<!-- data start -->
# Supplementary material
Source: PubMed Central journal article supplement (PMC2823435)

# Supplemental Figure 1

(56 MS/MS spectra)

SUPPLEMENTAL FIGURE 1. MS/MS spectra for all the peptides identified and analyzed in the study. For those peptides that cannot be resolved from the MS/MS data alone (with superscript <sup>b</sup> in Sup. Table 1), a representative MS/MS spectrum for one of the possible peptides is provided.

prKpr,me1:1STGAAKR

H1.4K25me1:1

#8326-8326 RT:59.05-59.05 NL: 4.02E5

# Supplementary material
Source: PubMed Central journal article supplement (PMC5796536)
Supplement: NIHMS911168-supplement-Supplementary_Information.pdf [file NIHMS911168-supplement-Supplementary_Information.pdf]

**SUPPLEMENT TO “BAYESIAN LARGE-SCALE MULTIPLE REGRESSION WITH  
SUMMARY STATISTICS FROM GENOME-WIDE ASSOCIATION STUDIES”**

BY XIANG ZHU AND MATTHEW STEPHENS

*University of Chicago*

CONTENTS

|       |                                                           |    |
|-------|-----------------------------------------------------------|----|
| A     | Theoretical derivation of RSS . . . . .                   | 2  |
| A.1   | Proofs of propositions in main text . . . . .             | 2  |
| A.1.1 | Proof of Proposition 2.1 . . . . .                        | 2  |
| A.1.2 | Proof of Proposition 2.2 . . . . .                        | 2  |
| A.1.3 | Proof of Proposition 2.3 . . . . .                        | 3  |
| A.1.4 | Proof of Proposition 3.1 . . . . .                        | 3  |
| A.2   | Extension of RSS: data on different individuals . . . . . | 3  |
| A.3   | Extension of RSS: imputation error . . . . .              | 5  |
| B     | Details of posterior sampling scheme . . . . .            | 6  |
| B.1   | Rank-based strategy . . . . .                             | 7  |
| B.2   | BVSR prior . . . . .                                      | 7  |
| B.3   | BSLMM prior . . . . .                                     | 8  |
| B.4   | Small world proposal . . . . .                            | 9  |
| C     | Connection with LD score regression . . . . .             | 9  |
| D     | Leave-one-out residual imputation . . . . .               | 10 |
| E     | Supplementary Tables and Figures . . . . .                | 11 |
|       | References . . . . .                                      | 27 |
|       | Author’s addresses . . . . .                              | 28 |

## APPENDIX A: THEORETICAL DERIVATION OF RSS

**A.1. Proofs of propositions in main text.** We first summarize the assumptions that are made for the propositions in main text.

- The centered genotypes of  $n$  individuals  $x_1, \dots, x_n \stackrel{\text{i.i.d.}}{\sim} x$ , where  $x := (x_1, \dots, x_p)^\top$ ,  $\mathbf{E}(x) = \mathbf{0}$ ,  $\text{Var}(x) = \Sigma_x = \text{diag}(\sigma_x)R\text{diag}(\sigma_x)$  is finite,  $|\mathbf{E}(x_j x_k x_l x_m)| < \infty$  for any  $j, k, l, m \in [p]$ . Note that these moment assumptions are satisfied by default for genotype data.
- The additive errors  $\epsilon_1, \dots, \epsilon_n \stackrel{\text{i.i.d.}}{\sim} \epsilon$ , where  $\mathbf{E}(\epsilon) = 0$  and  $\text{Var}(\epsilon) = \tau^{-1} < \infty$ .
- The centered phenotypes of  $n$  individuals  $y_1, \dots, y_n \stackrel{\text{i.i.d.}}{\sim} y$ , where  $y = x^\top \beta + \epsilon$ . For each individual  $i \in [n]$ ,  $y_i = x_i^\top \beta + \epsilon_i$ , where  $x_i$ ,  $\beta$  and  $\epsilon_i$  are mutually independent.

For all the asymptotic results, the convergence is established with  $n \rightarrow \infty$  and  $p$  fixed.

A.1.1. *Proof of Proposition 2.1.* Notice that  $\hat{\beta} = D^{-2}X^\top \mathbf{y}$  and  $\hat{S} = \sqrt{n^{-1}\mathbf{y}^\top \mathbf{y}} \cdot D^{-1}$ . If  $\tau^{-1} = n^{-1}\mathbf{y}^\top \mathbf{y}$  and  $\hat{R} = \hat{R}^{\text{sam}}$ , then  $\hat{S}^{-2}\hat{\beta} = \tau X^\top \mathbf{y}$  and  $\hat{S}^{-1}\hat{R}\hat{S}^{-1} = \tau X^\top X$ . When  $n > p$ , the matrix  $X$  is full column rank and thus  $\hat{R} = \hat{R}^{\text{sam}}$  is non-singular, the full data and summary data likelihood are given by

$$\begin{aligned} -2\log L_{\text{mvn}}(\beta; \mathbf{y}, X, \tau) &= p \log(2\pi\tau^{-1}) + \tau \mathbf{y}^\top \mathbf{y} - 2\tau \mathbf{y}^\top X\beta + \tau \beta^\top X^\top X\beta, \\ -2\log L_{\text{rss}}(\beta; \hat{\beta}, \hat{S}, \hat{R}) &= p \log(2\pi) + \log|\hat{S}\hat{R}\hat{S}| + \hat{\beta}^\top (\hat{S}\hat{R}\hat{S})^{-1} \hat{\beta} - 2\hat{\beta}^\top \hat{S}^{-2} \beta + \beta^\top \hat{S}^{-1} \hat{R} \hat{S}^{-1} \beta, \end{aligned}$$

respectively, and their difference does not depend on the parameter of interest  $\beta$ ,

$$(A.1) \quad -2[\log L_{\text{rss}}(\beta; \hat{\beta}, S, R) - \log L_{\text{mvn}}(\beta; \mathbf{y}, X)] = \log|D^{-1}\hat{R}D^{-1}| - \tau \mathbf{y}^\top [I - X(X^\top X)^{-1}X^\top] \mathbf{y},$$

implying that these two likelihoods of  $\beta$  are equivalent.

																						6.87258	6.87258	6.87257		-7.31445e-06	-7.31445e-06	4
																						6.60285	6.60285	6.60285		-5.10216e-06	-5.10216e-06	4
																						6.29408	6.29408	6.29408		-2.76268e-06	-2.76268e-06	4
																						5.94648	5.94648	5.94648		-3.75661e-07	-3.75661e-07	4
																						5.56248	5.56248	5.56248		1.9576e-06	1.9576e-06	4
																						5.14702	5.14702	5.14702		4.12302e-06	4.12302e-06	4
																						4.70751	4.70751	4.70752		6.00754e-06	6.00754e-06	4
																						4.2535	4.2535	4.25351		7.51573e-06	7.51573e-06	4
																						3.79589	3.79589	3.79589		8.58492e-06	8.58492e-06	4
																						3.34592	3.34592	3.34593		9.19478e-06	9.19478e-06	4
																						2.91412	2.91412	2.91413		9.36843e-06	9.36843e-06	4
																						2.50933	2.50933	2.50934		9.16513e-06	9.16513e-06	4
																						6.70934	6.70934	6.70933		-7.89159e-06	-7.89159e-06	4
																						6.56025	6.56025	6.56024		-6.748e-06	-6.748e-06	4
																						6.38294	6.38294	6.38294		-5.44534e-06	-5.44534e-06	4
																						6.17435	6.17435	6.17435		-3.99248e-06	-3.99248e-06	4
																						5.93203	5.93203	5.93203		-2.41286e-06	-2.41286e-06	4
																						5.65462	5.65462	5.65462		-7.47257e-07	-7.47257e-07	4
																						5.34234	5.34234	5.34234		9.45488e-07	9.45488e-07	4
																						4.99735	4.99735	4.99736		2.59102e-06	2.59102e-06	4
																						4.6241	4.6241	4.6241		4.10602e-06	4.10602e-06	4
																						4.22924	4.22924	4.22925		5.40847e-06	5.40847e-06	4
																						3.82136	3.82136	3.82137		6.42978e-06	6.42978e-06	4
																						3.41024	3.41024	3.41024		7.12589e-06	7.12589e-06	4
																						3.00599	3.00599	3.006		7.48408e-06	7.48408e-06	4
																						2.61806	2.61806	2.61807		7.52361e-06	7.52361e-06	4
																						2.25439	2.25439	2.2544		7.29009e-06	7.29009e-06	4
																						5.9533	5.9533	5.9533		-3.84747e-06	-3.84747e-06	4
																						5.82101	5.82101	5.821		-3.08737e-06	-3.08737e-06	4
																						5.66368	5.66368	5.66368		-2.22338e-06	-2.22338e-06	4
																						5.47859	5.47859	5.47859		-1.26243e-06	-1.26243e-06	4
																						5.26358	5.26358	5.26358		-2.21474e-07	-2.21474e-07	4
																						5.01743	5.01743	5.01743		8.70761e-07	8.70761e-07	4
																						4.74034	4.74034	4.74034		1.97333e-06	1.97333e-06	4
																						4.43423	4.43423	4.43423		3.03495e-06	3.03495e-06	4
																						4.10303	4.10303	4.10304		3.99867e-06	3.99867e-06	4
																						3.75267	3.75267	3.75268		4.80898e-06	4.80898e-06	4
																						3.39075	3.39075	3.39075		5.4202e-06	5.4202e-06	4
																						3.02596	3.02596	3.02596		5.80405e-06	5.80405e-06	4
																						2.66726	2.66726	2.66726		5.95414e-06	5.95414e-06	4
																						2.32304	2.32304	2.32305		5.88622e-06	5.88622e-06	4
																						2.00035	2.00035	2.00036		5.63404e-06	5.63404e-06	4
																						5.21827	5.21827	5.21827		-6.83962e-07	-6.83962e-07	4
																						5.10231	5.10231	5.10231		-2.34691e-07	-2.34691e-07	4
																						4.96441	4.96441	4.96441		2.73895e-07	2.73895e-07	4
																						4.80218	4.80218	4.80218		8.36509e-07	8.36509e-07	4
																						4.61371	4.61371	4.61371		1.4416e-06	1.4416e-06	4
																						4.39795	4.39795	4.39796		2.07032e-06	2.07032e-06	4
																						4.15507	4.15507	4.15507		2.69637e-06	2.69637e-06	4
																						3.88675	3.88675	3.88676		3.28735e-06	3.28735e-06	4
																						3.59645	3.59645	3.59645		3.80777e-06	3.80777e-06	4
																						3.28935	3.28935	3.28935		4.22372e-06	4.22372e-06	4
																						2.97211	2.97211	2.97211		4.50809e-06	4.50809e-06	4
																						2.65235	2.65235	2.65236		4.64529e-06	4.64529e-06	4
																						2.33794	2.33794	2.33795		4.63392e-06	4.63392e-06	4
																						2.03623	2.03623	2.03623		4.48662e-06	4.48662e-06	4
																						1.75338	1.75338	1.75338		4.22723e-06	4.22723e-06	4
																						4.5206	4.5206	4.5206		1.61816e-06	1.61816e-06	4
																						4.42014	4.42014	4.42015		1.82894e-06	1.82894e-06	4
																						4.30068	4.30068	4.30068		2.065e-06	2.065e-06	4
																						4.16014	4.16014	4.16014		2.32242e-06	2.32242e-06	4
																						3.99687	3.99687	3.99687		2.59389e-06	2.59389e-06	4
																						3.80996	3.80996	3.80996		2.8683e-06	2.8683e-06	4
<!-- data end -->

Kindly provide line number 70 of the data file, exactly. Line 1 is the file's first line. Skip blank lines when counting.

																						3.82136	3.82136	3.82137		6.42978e-06	6.42978e-06	4